Let them have bread

So today I finally got around to making bread. And it wasn’t totally as hard as I expected it to be.

I followed Alton Brown’s recipe because, well, I love him and I like the idea of not having to cook the bread in a loaf pan, which I don’t own, and don’t want to buy. Plus, he pre-ferments some of his flour and yeast so I thought it went along with some of the guidelines in Nourishing Traditions, at least a little, even if I used white flour this time.

The bread turned out pretty well. I expected it to rise a little more when being cooked. I think I didn’t give the inital rise enough time which might have lead to it not rising when it was cooking. And the crust was just wayyyy too hard, so I need to do something to adjust that. Perhaps lower the temperature or not use the cornstarch wash he recommends.

I also used AP flour instead of bread flour. Does that matter? I’m not sure. I’ll probably try it the other way next time just to compare. This is definitely a bread that you can make on the weekend and enjoy all week, although I wouldn’t say the slices would be that great for sandwiches. The bread is just too dense for that.

But it must have been pretty good because I ate it with absolutely no toppings. I just shoved it down my pie hole. (I won’t mention how many pieces my wife had…)


In other news, it was a good food day at our house. We had home made buttermilk pancakes for breakfast, a nice citrus beef stew for lunch and a fried chicken dinner. I had leftover buttermilk from buttermaking and that went into the mashed potatoes and gave them a nice little twang. And FINALLY I was able to get the creamy gravy right. Usually I make it too thick or somehow make it taste all floury, but I got it this time. I’m pretty stoked about that.

You can say it was a good day when you have three homemade meals like that to get you through the day.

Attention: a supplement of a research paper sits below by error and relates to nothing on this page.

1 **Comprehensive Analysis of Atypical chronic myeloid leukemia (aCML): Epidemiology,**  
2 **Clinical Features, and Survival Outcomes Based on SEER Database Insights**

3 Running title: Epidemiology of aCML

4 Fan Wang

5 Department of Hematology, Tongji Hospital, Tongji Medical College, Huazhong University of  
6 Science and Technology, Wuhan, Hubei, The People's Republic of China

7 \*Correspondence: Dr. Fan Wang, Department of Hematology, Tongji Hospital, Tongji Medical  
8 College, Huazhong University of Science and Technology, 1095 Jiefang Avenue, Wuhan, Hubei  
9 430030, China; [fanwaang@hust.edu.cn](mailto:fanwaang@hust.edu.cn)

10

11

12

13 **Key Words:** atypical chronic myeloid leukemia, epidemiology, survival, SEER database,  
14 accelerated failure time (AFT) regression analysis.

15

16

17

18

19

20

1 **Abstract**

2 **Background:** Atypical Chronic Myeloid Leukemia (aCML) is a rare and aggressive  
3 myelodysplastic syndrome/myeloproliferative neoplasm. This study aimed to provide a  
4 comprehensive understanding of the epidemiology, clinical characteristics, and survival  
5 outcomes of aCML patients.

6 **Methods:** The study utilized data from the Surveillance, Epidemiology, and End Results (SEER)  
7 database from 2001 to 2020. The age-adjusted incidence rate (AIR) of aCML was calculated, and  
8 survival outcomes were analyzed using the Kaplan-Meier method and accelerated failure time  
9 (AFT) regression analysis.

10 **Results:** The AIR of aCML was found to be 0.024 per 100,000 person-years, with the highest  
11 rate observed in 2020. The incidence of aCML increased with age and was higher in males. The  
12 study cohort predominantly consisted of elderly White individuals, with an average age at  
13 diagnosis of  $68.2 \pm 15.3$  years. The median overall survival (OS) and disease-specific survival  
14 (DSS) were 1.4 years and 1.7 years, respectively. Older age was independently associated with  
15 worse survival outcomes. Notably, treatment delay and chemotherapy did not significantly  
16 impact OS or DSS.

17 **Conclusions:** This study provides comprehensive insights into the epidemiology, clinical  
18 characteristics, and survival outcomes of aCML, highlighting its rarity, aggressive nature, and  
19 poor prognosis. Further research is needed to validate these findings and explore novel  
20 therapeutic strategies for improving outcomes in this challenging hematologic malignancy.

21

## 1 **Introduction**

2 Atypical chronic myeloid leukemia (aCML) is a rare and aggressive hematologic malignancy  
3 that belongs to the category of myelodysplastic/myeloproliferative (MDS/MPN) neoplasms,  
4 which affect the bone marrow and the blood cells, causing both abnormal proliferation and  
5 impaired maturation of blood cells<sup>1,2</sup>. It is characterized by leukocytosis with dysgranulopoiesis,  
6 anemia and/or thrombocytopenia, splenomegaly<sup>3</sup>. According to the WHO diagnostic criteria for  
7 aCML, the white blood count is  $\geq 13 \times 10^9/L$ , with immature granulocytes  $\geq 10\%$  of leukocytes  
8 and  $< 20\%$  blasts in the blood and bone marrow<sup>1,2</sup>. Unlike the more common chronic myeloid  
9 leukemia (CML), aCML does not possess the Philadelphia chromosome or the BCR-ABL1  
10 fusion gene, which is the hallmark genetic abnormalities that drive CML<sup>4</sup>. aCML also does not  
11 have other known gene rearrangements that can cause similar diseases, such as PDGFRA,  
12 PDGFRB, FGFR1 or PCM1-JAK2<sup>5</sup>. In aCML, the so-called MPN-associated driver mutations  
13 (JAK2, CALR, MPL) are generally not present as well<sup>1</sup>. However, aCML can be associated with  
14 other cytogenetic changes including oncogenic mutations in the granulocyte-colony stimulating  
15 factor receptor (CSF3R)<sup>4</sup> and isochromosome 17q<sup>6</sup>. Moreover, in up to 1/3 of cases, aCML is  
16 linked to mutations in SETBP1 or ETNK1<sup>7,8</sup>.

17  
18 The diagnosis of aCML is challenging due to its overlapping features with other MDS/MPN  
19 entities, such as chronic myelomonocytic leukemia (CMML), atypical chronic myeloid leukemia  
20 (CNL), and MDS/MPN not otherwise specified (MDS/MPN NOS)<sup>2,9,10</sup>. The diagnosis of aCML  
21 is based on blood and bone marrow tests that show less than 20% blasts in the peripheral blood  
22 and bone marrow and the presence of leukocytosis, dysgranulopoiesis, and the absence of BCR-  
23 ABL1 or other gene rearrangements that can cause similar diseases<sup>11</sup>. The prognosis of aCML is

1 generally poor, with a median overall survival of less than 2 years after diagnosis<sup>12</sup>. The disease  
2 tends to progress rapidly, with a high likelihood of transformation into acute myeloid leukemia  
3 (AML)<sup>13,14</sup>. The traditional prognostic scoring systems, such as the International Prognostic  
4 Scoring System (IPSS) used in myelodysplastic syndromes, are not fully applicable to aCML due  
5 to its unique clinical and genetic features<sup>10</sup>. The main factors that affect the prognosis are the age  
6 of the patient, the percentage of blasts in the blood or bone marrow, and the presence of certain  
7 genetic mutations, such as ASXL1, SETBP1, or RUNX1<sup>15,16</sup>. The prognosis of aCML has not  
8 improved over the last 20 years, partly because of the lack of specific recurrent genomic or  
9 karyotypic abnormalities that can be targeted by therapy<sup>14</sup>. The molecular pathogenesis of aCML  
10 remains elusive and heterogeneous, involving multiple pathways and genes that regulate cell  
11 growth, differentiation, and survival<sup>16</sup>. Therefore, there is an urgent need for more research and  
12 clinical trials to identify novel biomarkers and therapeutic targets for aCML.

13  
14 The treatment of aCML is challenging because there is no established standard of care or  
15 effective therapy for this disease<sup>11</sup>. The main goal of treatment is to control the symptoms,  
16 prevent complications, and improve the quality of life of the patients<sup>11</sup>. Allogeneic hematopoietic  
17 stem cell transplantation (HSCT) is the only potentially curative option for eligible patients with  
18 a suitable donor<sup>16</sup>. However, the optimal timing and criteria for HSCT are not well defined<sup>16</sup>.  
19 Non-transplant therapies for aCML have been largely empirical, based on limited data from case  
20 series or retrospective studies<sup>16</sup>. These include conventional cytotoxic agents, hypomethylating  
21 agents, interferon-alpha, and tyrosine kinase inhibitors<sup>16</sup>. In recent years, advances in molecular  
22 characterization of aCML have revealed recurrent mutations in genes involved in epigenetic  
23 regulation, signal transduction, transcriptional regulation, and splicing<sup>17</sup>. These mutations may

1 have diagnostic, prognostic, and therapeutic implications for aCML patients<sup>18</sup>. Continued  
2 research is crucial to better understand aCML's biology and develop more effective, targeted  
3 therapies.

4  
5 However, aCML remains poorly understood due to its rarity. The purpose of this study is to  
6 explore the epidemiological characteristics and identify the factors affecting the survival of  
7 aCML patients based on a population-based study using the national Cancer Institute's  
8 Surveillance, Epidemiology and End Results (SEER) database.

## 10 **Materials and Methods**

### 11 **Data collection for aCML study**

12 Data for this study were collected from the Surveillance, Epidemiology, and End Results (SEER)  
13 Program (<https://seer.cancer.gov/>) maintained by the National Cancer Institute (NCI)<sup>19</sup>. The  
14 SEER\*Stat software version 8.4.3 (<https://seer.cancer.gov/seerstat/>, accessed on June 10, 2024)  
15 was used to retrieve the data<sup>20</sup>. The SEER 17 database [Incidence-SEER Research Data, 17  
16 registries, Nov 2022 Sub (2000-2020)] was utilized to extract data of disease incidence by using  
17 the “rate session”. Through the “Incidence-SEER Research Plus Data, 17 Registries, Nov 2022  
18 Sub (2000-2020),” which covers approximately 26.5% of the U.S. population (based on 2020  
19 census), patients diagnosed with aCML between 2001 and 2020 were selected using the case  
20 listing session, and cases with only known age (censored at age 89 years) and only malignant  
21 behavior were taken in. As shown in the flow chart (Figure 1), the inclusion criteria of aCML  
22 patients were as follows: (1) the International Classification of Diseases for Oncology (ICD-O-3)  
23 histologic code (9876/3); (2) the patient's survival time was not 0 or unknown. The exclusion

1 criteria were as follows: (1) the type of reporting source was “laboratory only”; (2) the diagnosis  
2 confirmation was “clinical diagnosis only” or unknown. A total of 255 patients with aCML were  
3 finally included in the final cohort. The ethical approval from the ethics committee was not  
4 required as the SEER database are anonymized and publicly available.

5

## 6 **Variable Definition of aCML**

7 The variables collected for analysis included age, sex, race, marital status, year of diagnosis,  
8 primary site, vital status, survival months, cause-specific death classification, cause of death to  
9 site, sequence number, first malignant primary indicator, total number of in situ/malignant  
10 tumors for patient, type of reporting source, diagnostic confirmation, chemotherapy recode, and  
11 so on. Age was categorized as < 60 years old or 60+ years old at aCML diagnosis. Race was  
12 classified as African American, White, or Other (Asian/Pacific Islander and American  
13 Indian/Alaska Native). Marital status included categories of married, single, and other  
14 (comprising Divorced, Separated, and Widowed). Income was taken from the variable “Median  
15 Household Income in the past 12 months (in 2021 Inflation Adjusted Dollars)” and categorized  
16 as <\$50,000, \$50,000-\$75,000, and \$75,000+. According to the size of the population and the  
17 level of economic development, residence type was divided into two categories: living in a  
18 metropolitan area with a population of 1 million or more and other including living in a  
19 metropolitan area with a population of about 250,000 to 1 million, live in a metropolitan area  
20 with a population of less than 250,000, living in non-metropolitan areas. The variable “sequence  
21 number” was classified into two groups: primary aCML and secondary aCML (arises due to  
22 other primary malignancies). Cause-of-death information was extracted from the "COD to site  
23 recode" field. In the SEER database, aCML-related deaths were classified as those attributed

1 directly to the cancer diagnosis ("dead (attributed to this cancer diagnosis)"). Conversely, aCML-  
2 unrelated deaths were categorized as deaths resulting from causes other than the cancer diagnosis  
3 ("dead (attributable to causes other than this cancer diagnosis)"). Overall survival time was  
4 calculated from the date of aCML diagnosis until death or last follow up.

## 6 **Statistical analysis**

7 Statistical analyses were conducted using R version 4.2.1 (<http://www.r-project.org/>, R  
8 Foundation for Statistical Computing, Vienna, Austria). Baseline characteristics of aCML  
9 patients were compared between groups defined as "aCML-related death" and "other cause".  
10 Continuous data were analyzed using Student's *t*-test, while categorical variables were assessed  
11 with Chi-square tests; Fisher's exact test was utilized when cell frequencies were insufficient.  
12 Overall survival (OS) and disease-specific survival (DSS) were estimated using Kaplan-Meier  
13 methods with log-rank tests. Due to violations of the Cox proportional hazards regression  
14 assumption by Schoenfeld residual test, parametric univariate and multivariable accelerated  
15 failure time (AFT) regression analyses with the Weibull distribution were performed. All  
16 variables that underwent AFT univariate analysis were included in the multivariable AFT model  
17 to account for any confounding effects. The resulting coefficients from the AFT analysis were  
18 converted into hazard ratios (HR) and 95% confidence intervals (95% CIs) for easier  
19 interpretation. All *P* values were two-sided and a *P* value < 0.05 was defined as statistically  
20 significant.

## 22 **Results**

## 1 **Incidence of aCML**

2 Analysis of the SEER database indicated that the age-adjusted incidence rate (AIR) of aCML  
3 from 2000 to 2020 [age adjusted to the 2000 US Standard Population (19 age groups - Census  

10 responses to “Let them have bread

  1. Congrats on the breadmaking! For what it’s worth, I use all-purpose flour for the loaves I’ve made so far.

    With regards to the bread rising, moisture seems to make a huge difference. I either ferment the dough overnight or make a ‘poolish’ or starter dough the night before. Regardless, I’ve found that as the dough gets drier and easier to work, the resulting bread is denser and rises less. The moist, sticky dough that’s a pain to work with seems to make bread that has more air pockets and rises easier…

  2. Way to go! As you know I always use all purpose flour but that is what my recipes call for. Good yeast and moisture temp is very important since to hot it will kill the yeast and too cool you will not get the results. Patience is a good key to have to allow the proper raising of the dough. Let it rest a few minutes before shaping into loaves or rolls.
    Keep working on it. Bread making can be very enjoyable and relaxing.

  3. Try using whole wheat flour, bump your yeast up 10% and use tepid water when you mix your dough. The extra and warmer water will make your dough rise more.

    Also what temp are you baking your bread at?

    If your loaf weighs more then 24 ozs or so-don’t go any higher then 370 degrees, that will let the insides of your bread bake more throughly before the crust gets too dark.

  4. Hey how was the stew? whats the recipe, I am trying to find a stew to make here, but many things I can get here like beef stock. can do the carrots, potatoes, onions, things of that nature, but spices are very limited, except for sesame seed, garlic, and red pepper. don’t be confused by the red pepper though, it has less than zero flavor, all heat. horrible, horrible stuff. My dinner for 4 was great Saturday though. Italian chicken and veggies, mashed taters, and white country gravy(thanks for the gravy pack Mom!). mmm-mmm.